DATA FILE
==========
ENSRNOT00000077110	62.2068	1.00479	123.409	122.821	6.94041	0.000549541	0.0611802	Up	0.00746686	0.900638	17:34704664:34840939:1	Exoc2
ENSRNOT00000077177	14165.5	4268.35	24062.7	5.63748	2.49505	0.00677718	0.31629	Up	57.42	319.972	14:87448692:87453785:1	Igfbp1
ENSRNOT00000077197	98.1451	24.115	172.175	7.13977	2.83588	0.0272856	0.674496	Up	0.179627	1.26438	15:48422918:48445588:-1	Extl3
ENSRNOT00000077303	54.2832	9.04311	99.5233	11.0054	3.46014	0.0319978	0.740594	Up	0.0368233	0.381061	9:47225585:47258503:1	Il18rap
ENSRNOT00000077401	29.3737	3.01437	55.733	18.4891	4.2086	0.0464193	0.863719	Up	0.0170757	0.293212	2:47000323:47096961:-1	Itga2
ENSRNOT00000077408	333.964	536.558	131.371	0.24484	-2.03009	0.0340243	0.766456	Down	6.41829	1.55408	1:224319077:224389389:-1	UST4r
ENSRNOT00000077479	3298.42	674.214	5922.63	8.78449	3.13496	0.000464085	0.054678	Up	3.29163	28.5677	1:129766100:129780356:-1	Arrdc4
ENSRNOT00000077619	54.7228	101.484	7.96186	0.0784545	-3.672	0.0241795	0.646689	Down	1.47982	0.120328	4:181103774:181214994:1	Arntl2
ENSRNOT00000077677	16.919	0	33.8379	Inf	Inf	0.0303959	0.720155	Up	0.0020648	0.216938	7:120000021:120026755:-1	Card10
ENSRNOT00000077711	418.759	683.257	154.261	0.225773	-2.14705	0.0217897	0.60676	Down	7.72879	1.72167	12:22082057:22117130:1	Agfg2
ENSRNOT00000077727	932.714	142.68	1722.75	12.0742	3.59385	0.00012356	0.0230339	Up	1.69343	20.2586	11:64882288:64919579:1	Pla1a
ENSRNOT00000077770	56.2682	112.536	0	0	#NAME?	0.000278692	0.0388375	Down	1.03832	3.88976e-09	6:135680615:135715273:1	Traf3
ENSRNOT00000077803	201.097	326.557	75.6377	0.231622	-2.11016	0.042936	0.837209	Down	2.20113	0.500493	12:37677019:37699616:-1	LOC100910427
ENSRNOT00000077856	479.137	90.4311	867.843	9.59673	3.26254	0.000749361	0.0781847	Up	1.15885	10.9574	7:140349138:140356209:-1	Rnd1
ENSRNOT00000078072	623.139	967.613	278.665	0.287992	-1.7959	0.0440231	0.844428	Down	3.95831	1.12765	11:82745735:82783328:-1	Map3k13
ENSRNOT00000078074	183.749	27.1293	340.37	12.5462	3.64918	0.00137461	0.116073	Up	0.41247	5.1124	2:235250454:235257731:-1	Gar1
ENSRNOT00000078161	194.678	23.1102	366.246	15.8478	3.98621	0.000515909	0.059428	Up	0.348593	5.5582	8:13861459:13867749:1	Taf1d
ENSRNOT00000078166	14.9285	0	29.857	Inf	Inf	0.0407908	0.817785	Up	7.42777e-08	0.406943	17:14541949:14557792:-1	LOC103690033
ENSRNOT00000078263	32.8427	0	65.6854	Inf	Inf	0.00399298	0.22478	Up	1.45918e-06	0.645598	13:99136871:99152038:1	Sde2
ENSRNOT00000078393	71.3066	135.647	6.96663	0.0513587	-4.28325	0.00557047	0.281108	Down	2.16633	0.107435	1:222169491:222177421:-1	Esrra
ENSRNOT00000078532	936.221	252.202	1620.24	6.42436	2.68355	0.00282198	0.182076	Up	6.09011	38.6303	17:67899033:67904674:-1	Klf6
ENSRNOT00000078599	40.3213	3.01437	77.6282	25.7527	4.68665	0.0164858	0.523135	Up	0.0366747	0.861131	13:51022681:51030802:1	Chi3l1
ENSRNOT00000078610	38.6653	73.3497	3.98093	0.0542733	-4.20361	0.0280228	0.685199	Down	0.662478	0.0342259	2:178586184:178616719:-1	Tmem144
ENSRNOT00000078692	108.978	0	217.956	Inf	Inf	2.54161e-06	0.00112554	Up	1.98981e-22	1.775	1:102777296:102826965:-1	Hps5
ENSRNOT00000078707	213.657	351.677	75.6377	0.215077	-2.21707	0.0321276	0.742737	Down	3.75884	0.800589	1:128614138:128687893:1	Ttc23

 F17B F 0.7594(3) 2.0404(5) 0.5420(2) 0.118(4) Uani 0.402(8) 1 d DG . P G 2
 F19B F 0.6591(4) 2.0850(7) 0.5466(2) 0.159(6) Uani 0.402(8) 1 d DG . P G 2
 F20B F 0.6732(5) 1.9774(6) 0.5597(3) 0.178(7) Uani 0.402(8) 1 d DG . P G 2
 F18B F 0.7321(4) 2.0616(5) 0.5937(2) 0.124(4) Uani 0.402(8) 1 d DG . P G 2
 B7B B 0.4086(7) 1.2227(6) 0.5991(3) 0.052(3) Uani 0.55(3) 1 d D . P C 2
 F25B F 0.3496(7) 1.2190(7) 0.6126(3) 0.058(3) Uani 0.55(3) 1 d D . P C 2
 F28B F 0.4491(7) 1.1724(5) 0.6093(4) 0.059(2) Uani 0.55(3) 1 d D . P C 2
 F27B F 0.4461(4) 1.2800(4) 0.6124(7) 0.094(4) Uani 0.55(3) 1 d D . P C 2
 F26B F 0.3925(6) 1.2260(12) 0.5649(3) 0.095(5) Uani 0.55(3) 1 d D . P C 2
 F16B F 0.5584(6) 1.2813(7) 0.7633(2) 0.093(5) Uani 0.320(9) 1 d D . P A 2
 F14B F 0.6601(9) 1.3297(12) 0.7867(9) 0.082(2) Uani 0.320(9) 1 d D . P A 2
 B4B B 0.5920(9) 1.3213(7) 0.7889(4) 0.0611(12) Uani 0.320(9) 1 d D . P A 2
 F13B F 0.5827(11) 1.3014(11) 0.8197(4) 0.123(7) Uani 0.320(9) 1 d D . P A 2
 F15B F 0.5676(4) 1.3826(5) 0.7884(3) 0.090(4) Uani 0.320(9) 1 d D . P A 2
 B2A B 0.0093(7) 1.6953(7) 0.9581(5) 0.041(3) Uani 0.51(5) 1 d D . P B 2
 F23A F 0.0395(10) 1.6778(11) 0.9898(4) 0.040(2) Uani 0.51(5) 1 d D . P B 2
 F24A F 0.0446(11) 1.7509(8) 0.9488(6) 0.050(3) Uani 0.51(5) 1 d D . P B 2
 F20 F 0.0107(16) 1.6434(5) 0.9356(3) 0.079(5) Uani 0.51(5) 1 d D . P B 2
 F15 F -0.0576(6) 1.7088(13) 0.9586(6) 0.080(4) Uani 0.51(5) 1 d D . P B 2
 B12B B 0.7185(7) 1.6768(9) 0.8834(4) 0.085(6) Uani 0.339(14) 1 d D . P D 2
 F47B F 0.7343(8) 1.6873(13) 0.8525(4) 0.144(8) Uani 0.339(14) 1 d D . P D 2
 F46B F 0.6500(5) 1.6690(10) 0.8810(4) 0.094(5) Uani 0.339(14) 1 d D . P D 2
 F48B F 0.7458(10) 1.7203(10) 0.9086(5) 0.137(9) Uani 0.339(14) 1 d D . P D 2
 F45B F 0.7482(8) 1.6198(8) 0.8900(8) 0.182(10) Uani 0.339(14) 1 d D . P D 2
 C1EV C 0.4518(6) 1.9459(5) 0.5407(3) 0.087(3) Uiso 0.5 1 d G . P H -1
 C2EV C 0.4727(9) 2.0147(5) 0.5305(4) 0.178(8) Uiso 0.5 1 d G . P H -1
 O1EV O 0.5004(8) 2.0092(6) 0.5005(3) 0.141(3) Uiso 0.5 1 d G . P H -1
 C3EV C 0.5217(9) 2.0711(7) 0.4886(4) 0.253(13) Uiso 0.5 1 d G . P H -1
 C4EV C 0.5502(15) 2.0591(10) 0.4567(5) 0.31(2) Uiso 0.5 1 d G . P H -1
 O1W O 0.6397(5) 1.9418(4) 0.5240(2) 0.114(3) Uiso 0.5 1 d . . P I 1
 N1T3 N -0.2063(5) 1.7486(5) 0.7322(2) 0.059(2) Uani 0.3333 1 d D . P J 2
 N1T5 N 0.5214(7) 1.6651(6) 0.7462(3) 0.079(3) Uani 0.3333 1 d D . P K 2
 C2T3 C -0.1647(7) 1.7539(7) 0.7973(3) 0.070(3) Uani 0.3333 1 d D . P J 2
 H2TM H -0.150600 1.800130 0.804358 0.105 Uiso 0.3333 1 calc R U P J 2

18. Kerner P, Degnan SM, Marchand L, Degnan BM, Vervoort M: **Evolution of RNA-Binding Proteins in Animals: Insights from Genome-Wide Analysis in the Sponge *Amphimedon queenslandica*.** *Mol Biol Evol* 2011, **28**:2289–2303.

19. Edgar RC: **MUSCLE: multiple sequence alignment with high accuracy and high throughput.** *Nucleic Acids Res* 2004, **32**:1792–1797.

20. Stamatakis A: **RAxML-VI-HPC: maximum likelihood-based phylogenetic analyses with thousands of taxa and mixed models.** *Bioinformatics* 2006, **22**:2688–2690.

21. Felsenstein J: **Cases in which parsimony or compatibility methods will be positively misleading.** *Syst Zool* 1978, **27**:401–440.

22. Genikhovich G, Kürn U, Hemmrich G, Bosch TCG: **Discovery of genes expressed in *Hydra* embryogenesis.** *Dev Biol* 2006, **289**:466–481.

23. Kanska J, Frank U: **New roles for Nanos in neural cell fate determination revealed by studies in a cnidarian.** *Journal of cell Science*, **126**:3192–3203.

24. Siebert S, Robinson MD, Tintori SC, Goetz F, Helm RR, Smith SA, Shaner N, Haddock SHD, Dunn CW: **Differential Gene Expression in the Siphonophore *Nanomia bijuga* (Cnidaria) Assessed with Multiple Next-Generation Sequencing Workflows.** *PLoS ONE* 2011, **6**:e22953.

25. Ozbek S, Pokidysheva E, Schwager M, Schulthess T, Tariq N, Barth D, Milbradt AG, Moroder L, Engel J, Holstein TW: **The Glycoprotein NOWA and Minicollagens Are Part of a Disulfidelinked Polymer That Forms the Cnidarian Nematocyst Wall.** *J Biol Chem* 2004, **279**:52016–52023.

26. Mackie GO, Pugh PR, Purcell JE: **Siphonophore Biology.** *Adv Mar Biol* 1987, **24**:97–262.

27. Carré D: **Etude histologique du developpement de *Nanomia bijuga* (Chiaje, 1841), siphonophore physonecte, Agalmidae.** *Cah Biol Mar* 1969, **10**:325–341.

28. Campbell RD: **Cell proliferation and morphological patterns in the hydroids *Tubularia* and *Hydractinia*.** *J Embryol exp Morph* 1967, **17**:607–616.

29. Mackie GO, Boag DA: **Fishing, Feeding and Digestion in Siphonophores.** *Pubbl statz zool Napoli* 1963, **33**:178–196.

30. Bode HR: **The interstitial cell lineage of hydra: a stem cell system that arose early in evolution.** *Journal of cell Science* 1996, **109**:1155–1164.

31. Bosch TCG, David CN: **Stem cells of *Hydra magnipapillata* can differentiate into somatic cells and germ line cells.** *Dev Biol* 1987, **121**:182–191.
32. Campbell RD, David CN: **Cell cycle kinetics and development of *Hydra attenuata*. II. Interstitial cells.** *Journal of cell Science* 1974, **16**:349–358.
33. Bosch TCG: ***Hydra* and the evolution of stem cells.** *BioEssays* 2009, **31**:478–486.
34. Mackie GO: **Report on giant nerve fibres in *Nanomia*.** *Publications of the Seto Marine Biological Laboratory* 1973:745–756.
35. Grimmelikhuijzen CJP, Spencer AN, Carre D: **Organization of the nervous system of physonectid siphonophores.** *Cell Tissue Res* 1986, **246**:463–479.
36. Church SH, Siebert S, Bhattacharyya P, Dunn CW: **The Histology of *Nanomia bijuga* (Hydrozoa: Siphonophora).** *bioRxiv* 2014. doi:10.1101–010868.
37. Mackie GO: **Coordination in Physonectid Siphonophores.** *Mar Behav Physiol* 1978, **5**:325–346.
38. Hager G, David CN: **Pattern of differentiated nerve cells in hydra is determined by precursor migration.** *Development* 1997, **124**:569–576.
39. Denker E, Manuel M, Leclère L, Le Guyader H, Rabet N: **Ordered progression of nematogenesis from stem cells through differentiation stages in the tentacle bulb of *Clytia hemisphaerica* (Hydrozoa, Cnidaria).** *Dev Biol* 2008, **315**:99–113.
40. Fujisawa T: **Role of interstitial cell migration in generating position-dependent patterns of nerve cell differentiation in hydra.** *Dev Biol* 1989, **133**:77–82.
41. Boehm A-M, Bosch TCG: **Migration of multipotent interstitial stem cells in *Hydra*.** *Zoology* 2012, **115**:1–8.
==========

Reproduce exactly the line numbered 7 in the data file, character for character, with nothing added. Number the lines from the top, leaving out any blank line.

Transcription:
ENSRNOT00000077479	3298.42	674.214	5922.63	8.78449	3.13496	0.000464085	0.054678	Up	3.29163	28.5677	1:129766100:129780356:-1	Arrdc4